I know nothing about Raymond, so this answer may be laughably simplistic. But out of context, at least, the statement appears rather straightforward.
Desire by any definition is for that which one does not possess. That which is absent, not present, unavailable.
In the broadest sense, that would mean all that does not presently exist in the "world that surrounds us." If we take this to be the physical, "natural" world observable to science, then the longing for this absent desiderata leads to the "supernatural."
This is a common interpretation of the appeal of religions, divinity, the afterlife, or the purposeful "protosciences" of magic. How Raymond treats the ontological status of such realms is not clear from the quote.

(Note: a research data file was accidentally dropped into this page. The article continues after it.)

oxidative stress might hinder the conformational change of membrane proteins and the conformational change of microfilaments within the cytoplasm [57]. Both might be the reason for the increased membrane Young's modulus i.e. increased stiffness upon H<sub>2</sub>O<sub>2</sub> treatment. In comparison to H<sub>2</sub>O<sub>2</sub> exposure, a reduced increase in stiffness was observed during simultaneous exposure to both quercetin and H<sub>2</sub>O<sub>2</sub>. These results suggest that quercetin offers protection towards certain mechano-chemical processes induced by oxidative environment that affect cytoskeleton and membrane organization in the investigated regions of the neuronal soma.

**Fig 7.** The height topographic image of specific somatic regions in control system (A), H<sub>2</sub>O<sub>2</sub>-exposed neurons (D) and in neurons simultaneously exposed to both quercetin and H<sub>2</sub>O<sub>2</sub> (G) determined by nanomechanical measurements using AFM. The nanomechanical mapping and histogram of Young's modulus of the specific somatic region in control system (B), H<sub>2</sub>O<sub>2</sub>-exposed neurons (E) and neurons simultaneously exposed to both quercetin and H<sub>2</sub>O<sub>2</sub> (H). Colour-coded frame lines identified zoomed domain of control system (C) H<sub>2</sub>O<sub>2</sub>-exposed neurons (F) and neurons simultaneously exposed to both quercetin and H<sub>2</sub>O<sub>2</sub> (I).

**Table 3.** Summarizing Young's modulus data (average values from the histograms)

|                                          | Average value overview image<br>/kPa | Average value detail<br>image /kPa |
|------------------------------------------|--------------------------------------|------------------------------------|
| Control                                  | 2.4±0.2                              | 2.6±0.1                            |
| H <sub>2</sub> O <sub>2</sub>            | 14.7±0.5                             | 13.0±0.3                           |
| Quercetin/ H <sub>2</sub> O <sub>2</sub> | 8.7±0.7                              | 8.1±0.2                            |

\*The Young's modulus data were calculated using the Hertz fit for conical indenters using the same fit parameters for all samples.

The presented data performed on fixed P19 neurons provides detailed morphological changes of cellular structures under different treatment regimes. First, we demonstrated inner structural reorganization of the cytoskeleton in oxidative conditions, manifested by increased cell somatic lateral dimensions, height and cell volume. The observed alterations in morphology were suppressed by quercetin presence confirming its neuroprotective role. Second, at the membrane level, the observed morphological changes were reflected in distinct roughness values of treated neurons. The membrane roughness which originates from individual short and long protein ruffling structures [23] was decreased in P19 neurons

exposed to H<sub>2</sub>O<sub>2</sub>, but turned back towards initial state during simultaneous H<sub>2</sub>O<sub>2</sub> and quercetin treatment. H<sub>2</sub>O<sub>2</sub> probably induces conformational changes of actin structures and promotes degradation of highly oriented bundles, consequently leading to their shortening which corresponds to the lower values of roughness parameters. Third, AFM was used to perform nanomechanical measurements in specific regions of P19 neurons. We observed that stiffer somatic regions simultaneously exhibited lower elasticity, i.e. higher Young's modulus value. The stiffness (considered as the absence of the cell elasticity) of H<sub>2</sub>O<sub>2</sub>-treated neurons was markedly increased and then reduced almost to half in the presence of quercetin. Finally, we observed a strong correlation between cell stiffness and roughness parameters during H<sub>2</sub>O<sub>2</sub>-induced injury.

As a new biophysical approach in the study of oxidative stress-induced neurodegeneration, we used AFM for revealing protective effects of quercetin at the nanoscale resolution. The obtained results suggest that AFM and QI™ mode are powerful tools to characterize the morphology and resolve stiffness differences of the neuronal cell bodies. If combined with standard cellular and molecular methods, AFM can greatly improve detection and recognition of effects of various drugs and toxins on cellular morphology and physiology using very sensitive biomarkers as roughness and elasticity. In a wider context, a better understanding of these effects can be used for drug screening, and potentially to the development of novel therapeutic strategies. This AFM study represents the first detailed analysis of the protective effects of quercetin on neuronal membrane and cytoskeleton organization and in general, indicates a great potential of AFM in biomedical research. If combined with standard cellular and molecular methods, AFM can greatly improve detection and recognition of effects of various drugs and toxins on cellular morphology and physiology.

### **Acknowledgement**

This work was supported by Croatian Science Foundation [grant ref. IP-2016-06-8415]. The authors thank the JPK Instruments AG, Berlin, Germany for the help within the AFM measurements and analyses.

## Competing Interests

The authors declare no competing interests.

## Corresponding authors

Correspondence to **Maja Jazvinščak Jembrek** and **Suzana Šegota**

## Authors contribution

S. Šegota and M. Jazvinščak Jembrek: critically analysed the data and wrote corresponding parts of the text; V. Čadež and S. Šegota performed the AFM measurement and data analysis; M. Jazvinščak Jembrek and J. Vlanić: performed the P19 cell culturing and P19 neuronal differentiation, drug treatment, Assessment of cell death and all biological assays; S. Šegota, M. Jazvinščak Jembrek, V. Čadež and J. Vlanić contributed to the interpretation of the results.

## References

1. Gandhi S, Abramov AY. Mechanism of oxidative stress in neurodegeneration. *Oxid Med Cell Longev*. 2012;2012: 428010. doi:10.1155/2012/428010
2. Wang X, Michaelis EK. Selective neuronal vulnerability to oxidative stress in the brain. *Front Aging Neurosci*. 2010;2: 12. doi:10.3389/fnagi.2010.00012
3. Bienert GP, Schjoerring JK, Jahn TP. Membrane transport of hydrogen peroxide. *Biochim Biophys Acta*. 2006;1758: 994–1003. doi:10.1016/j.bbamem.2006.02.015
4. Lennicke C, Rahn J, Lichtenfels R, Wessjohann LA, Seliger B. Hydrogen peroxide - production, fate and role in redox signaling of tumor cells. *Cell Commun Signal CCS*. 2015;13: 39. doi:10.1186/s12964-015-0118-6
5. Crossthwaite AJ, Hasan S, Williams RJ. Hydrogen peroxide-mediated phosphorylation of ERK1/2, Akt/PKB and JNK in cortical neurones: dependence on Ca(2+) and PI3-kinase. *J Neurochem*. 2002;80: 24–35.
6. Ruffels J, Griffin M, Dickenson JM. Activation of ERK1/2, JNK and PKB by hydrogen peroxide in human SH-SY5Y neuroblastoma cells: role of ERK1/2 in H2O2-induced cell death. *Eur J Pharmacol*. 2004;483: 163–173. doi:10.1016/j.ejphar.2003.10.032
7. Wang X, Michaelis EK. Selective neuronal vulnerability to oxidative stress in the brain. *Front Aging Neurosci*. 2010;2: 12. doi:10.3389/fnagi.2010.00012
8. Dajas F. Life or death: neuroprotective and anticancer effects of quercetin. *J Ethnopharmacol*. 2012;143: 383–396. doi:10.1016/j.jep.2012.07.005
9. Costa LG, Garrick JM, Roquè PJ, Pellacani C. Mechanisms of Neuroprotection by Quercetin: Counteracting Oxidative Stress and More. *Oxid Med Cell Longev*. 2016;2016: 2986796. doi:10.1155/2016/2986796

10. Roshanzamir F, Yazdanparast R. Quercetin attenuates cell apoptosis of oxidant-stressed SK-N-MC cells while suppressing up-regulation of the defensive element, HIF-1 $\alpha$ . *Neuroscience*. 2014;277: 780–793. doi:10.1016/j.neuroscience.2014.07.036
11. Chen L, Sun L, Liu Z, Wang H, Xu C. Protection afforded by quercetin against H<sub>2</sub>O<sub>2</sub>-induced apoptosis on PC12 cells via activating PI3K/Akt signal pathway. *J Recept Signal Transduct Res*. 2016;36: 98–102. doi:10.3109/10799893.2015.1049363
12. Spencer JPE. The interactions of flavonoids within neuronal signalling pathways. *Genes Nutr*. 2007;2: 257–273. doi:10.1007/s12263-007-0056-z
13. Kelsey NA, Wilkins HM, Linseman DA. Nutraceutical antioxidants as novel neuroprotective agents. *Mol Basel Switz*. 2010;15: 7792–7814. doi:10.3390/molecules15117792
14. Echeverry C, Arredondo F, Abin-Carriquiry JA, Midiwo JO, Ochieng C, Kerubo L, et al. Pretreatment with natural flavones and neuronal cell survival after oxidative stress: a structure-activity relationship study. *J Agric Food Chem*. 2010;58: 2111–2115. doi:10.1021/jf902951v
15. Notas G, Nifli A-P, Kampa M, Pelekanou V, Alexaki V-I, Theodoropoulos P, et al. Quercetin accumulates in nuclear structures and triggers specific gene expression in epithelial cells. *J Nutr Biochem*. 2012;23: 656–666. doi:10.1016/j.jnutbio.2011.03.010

Such imaginative desires, exceeding the constraints of "nature" and "experience," are presumably unique to humankind, thus rendering us "disproportional" to nature as we find it. The square peg in all round holisms.
Such "disproportionality" may become institutionalized in representations of the "supernatural." Or, alternately, may supersede the "natural" through science and technology, methodically actualizing capacities that would surely have appeared supernatural in the past.
Thus, as Hegel observes, we "rationalize the actual" and "actualize the rational." The "natural" itself is remade by our interminable desire to supersede it. I trust that others, familiar with Raymond, will add nuance or correctives to this answer.